Scenes of suspense, both during a long walk at night and later in an indoor swimming pool, are classic Lewton. Five years after its release, director Jacques Tourneur again teamed with cinematographer Nicholas Musuraca to make the film noir classic Out of the Past.

Cat People: The Swimming Pool

3. Curse of the Cat People

RKO wanted to capitalize on the success of Cat People with a sequel. Lewton wanted to make a picture about childhood fears and imaginary friends. The result of the push-and-pull between studio and director is a beautiful film with an unfortunate title that has little to do with the movie.

The cast of the original Cat People returns, ostensibly in the same roles as before. Their universe is different. In fact, there are no visible cat people in the movie at all. The protagonist is an 8-year-old girl whose daydreams cause great trouble. The audience in 1944 did not like it. The studio promised them a horror movie, and they got a film about child psychology. Critics praise it today for the same reasons.

Curse of the Cat People: Trailer

Simone Simon in "The Curse of the Cat People"

Simone Simon in "The Curse of the Cat People"

2. The Body Snatcher

The great, velvety-voiced Boris Karloff procures cadavers for a medical school by stealing bodies from graves. When the graves aren't enough, he is not above murder.

In The Body Snatcher, the psychological back and forth between working-class Karloff and Henry Daniell, who plays the educated head of the medical school, makes a strong metaphor for class and educational difference and inequalities of justice. Bela Lugosi appears with Karloff for his last time in this movie—both "snatched" from the monster lot at Universal Pictures.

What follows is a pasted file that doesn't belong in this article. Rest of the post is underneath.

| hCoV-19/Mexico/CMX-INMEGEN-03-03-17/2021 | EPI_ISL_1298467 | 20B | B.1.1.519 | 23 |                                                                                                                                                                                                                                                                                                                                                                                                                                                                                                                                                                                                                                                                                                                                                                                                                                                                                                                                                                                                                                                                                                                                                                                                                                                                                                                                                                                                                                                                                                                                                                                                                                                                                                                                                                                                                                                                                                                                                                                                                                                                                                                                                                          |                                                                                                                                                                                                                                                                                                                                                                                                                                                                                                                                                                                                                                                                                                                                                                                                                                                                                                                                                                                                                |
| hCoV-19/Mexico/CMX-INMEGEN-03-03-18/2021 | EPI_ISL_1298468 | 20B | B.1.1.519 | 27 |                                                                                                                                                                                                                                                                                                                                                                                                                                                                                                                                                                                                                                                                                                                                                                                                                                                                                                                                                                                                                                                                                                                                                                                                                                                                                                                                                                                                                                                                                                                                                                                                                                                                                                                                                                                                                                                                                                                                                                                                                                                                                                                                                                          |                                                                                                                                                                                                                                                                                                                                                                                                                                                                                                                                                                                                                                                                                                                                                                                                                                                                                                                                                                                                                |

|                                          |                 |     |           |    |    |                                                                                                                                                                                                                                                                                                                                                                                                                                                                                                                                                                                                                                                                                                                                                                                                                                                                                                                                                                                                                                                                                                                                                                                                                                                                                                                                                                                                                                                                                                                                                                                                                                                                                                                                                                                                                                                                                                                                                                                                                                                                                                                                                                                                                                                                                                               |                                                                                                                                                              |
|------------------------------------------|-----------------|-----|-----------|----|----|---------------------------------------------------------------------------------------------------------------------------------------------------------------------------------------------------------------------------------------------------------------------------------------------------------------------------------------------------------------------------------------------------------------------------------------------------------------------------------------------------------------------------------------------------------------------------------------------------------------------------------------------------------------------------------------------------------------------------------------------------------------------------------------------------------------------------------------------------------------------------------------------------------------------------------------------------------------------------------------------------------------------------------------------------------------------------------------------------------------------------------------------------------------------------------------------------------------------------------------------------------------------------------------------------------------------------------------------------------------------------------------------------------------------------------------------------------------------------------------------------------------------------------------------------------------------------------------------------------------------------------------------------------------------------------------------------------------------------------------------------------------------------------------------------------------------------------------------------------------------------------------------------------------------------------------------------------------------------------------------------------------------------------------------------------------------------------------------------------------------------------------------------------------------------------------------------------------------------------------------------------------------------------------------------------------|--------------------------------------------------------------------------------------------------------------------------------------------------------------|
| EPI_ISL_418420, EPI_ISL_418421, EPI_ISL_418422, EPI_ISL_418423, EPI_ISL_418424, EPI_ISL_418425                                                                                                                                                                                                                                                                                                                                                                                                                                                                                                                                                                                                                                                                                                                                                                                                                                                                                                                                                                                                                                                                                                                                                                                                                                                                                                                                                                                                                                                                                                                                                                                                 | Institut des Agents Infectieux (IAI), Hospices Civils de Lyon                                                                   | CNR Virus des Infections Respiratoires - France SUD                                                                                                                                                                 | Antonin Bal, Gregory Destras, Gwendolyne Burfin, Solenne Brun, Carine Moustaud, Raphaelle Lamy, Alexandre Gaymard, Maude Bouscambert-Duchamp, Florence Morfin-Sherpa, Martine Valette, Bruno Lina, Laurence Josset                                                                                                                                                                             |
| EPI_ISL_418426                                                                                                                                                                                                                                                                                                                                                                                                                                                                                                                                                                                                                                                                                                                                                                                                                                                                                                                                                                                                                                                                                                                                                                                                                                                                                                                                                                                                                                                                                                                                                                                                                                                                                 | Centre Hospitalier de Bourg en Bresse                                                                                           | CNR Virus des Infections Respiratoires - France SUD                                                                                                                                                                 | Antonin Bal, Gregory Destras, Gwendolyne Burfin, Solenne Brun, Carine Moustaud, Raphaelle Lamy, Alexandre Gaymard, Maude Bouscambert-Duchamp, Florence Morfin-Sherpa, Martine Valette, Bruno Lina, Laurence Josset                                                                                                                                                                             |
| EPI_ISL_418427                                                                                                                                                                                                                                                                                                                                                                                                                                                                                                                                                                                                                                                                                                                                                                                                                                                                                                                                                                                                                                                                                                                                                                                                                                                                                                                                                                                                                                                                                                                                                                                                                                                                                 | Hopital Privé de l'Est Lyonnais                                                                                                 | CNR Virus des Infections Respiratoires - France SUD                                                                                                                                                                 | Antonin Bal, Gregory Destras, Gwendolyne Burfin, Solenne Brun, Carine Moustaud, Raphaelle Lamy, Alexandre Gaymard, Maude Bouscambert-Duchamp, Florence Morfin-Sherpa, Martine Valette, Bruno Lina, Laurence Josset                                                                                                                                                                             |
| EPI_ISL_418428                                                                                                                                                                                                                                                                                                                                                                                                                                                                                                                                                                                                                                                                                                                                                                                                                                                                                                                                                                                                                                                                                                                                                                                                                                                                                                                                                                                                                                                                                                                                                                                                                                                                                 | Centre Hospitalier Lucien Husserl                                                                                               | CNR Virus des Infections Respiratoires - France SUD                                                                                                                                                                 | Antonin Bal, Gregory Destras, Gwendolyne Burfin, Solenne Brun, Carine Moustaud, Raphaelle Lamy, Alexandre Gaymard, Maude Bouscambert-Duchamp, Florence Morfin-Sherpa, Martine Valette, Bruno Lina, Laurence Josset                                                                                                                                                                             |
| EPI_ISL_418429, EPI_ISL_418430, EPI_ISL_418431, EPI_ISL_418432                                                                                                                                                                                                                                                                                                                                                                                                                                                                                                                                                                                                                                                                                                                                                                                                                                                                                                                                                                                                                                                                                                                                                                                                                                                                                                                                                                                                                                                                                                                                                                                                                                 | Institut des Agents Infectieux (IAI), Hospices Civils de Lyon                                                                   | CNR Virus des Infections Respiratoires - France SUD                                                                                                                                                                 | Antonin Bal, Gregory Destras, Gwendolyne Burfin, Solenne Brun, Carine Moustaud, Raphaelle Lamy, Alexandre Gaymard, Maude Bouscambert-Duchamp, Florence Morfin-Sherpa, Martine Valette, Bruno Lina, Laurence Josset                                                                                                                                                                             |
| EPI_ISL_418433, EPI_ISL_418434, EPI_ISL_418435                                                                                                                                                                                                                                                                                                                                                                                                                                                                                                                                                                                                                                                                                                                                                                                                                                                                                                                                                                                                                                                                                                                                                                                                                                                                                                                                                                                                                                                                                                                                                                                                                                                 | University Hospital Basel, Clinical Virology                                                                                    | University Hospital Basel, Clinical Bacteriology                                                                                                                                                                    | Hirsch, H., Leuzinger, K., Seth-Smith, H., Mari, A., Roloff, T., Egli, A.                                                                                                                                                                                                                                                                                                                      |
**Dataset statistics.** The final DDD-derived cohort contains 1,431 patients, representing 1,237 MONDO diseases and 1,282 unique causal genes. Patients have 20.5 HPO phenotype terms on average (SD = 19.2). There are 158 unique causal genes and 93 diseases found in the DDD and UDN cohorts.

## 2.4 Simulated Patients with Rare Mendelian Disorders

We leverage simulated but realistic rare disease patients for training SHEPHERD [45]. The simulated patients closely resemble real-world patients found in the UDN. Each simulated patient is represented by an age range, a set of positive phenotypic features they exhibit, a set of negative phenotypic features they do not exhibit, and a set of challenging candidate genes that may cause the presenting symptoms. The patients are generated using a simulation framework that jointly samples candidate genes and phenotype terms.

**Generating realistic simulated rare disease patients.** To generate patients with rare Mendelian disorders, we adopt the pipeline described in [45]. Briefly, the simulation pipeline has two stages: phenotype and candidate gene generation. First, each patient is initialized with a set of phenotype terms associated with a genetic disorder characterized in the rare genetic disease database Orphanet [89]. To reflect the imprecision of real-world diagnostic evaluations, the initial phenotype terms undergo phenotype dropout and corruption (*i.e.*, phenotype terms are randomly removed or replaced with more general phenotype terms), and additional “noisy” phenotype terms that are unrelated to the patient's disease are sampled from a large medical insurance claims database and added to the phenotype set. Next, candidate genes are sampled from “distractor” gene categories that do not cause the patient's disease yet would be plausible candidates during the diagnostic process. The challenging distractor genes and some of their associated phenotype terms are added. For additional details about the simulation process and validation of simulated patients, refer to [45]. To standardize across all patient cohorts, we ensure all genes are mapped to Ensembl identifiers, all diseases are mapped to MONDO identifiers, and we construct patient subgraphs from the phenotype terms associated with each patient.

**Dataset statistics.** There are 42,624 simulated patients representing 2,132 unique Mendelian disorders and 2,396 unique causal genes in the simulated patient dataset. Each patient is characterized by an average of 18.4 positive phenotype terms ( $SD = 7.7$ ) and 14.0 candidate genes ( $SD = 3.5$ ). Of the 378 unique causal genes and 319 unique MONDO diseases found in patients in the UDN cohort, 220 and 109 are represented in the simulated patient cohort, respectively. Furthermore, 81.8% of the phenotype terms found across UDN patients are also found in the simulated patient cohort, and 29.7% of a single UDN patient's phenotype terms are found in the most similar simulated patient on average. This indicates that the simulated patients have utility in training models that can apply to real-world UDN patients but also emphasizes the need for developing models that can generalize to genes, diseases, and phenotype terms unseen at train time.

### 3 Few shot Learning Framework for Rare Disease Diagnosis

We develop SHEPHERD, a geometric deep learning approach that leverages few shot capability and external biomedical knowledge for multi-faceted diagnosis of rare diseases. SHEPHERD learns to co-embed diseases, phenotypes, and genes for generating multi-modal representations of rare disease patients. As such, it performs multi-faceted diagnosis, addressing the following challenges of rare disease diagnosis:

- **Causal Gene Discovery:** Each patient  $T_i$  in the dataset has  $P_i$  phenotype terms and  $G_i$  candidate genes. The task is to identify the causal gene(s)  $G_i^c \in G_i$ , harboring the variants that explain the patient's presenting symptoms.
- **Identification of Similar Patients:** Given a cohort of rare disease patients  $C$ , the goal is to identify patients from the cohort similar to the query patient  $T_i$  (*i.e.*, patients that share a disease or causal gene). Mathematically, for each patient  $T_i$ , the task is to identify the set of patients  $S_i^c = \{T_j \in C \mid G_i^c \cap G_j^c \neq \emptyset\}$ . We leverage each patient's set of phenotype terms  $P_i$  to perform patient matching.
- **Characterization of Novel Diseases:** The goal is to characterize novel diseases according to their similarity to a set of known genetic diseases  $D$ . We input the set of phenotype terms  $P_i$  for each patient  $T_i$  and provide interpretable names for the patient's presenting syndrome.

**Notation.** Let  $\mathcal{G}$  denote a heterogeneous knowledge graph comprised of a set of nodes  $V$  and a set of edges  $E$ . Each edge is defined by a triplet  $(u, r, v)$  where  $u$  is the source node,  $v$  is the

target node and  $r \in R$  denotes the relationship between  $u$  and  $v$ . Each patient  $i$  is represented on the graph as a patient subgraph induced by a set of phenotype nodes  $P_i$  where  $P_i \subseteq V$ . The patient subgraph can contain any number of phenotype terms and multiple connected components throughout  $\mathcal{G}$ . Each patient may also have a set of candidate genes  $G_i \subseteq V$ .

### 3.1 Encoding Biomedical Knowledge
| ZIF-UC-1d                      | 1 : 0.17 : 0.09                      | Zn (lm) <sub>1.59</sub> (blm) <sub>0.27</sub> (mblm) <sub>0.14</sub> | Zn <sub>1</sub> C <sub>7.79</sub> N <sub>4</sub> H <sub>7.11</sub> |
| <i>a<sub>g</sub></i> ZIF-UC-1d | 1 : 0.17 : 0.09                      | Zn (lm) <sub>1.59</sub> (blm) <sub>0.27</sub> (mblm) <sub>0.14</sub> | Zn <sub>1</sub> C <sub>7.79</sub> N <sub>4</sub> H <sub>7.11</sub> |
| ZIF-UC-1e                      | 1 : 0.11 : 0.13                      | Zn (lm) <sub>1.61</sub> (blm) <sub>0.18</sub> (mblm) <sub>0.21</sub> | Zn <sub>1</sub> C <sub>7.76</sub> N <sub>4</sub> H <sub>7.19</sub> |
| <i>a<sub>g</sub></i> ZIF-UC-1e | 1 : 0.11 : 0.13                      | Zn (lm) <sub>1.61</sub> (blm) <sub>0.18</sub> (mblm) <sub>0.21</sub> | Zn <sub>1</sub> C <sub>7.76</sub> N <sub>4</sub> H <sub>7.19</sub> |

The Body Snatcher is directed by Robert Wise, who later went on to direct West Side Story, The Sound of Music, and Star Trek: The Motion Picture.

Trailer: The Body Snatcher

Richard Dix and Ben Bard in "The Ghost Ship."

Richard Dix and Ben Bard in "The Ghost Ship."

1. Ghost Ship

Who does not heed the rudder shall meet the rock. No, it's not about a haunted ship. It's about a captain haunted by growing older, who begins to confuse his duty to protect his crew with playing God and deciding their fates.

Claustrophobic sets, long-shadow lighting, and carefully-planned production design kept Ghost Ship looking great while staying under budget.

Never has a swinging hook been so terrifying—nor has the idea of having an appendectomy at sea. Look for calypso singer Sir Lancelot among the cast—he influenced a young Harry Belafonte.

Final Notes

All of the above films are available for rent or purchase through streaming providers. DVDs are in and out of print, in sets, or as individual films. Fans of black-and-white horror—and especially fans of Universal horror movies—will find Val Lewton and his time at RKO of interest. Lewton died at age 46 of multiple heart attacks.

Special thanks to CT Liotta for contributions to this article.

© 2014 Curt Sembello


William Thomas from That Great Primordial Smash UP of This and That Which Gave Rise To All Beings and All Things! on June 03, 2016:

Hi Curt Sembello! How's it going?

Thank you for this piece. Its a great bit of cinema history. I love the genre black and white films myself.